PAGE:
Hé thewed the General. If the fact was true, he begurter impoflibility of preventing the ged to know if the minutes of the Board Americans from trading to the Westo of Treasury might not with propriety be Indies, and the tolly of endeavour-H laid before the House. ing to ingross a trade, which by its Chanc. Pitt frankly owned that the fact magnitude was too unweildy to be con was as lared, and ibat he had not the fined.

least objection whatever against laying Mr. Fox thought the bill an intrac the minutes in quction before the tion of our treaty with Russia, and Houle. pointed out many impafections which Mr. Hideg was going to make a mo


tion for the purpose, when the Speaker the climates laid before Parliament. reminded him that there was already a Mr. Courtney allowed the report to be motion before the House, which must be drawn up in a masterly manner; he acfirst dismissed.

knowledged likewise that the vigilance, The House accordingly went into a perfeverance, and activity of the noble

А e committee, to which a report was re Duke, in watching public officers and ferred, ligaed “ Richmond;" a part of Ministers too, deserved great praile; which, so far as relates to the estimate in but at the same timc maintained, that the question, is here added by way of note*. report wanted two requisites, fairness

Mr. Kenrick then rose, and delired, and candourt, to inake it compleat. He before the Speaker left the chair, to make then entered into an examination of the a few observations on the report of the - several articles in which savings had Board of Ordnance. Mr. Kenrick ac. B been made, and accounted for them, if cordingly went into a train of reasoning not to the fatisfaction of the House, yec tending to justify the measures of the in a plaufille train of reasoning which it. preceding board, though no charge was not easy to refute. The noble Duke whatever had been brought against it. and the noble Lord [Townshend] who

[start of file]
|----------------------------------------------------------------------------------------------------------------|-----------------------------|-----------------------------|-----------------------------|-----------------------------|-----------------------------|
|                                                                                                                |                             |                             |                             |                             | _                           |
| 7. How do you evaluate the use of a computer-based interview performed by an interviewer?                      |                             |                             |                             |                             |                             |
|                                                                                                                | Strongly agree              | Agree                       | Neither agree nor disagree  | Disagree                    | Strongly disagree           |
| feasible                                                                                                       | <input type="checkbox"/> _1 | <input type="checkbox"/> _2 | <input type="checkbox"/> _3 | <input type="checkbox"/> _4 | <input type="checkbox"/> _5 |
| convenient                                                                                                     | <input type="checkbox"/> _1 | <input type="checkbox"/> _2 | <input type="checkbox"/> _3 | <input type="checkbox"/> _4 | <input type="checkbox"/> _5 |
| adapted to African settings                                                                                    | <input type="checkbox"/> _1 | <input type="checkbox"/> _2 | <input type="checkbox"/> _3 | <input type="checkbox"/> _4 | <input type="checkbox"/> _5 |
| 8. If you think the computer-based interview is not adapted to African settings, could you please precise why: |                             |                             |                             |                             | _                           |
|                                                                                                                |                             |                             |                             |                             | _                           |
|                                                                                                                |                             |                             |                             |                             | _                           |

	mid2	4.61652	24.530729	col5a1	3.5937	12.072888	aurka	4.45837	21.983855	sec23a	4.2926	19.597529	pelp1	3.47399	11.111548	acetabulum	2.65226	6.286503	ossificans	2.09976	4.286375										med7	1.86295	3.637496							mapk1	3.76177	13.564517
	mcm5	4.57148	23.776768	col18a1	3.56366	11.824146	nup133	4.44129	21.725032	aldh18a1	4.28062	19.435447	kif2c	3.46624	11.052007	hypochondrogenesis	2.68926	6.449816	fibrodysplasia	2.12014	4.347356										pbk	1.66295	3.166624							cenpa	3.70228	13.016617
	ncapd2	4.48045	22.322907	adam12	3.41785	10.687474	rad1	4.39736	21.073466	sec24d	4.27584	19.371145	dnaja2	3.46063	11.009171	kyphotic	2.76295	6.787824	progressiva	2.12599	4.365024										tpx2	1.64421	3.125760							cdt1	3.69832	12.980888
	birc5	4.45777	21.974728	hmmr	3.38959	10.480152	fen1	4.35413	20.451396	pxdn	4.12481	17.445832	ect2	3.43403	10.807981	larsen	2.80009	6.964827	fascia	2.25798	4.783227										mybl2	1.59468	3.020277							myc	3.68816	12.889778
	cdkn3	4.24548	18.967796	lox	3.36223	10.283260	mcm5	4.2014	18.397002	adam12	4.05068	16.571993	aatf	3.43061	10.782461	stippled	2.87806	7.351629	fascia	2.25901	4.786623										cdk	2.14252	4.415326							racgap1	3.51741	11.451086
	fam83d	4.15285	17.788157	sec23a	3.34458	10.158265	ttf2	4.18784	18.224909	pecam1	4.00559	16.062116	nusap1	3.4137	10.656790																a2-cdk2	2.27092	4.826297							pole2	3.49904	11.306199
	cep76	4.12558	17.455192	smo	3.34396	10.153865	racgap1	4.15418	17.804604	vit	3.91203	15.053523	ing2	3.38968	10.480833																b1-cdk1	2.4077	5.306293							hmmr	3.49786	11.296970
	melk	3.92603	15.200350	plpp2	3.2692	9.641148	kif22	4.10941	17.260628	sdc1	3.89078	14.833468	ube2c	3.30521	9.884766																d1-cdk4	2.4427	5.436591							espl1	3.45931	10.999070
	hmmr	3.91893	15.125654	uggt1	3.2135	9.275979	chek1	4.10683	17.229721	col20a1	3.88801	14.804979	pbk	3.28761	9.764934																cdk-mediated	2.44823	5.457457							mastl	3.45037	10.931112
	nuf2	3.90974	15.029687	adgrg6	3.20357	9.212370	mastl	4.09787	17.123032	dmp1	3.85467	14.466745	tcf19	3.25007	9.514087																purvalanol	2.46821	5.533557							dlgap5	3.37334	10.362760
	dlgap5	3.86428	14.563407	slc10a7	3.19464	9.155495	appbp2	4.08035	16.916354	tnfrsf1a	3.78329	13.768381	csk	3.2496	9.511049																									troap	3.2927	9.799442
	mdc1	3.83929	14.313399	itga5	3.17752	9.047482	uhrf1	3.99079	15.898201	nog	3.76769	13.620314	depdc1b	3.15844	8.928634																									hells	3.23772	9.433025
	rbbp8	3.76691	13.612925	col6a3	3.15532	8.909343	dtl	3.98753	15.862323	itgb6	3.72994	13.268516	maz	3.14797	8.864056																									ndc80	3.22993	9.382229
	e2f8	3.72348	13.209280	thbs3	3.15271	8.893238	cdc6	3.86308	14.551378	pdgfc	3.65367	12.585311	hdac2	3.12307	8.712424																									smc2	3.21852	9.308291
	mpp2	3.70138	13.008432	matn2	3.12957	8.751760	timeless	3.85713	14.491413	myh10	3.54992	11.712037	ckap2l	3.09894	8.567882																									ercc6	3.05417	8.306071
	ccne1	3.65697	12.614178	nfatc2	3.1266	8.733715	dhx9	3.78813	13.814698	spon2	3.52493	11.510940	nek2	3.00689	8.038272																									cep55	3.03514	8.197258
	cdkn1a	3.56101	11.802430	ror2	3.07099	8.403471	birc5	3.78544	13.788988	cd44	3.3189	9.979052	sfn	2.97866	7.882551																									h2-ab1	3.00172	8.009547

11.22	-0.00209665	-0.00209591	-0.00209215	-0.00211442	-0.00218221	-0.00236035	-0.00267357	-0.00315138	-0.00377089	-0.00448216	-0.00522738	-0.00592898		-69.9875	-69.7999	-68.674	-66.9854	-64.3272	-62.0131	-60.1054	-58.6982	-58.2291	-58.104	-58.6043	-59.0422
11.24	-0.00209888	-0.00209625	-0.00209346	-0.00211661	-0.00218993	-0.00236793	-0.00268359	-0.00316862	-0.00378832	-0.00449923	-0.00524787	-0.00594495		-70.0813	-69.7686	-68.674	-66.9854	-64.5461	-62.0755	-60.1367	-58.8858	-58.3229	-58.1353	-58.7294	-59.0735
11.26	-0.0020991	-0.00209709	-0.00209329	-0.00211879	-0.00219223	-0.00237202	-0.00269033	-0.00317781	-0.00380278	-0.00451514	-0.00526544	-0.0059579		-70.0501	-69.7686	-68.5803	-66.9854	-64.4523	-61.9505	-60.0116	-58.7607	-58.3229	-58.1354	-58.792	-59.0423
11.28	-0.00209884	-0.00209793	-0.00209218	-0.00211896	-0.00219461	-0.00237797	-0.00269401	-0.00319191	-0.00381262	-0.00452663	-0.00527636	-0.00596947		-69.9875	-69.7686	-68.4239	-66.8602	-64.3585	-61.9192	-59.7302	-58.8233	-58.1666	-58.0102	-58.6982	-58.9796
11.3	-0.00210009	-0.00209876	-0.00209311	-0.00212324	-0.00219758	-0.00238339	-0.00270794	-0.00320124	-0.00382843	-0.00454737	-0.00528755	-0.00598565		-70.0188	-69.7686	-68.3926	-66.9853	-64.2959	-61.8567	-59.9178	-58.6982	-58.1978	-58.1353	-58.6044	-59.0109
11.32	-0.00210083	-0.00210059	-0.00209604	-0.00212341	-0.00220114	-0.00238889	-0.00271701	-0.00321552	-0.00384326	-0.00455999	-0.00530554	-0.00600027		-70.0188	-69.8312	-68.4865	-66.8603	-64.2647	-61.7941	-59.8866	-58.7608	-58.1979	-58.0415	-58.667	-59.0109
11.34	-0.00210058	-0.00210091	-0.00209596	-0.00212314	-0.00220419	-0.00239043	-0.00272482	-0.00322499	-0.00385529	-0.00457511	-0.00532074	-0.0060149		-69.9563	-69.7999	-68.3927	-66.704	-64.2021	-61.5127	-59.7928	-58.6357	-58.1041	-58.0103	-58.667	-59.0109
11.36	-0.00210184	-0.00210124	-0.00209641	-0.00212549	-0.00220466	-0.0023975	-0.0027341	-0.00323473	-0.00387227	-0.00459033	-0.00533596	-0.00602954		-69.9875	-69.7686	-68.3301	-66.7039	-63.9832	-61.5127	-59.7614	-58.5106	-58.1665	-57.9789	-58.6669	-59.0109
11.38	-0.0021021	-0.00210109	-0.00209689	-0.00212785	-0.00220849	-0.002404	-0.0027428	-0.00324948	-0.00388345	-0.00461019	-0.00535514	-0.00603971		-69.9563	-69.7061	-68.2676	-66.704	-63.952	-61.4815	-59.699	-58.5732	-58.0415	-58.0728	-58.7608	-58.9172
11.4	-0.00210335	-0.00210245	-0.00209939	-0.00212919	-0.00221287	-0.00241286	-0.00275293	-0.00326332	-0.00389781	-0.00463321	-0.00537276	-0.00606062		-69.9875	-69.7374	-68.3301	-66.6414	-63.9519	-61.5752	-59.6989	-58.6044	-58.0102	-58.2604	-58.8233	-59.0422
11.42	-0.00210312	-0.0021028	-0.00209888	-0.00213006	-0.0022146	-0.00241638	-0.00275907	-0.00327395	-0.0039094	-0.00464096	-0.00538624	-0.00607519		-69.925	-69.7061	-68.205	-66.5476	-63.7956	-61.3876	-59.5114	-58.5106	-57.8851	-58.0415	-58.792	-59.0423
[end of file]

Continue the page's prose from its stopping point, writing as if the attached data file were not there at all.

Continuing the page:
Capt. Minchin, on the contrary, was preceded him had each, he said, acted very fevere on the lucrative contracts according to the circumstances of the made by that board; and was lavish in times; the latter therefore had been unpraises of the noble Duke, who had fet a Cder the neceflity of treating for the artipattern which ought to be followed in all cles he wanted, in tinc of war, at the war

prices; while the former was enabled by " In this report it is earneltly hoped that the conclufion of the war to make better provifion will be made for dilcharging, in

terms, and to purchase at peace prices. If fome certain period, the debt of the ord. aance. Wheo that is done, all future bar- the noble Duke the predecessor at the

the noble Lord had been the succellor and gains may be made with ready money, which has been found by experience to pro D Board, the contracts would in all probadece, in many inttances, a faving of from bility have been nearly the fame as the 20 to 30 per cent. in the following articles :

House had found them; and as there was Savings made under the Disadvantages of the no merit in having made peace contracts in prefent mode of Payment.

time of peace, there could be no demeric The new contract for horses, reduced in having made war contracts, in time of from is.gd. to is.per day per horse. war, at war prices.

Copper hoops reduced from 1351. 6s. 8d, to 1021. per ton. Shot from 1l 1 s. to rol. 65. per ton.


+ To prove that the Hon. Gent, did not

affert this without some ground to bear him March from 231.10 161 55. perton.

ou:, he infanced the price of powder barrels Powder barrels, whole, from

38. gd. to

(reduced as itated in the report, from 35. 9d. 38. ed. each.

to 3s. 2d. each)-but did the report state that Ditto half, from 2s.6d. to 25. 2d. each.

the barrels for which the noble Ld paid 35.9d. Porbeck stone from 105. 9d. to 1os. 3d.

were made of oak, and ibore for which per ton; to be paid in fix months.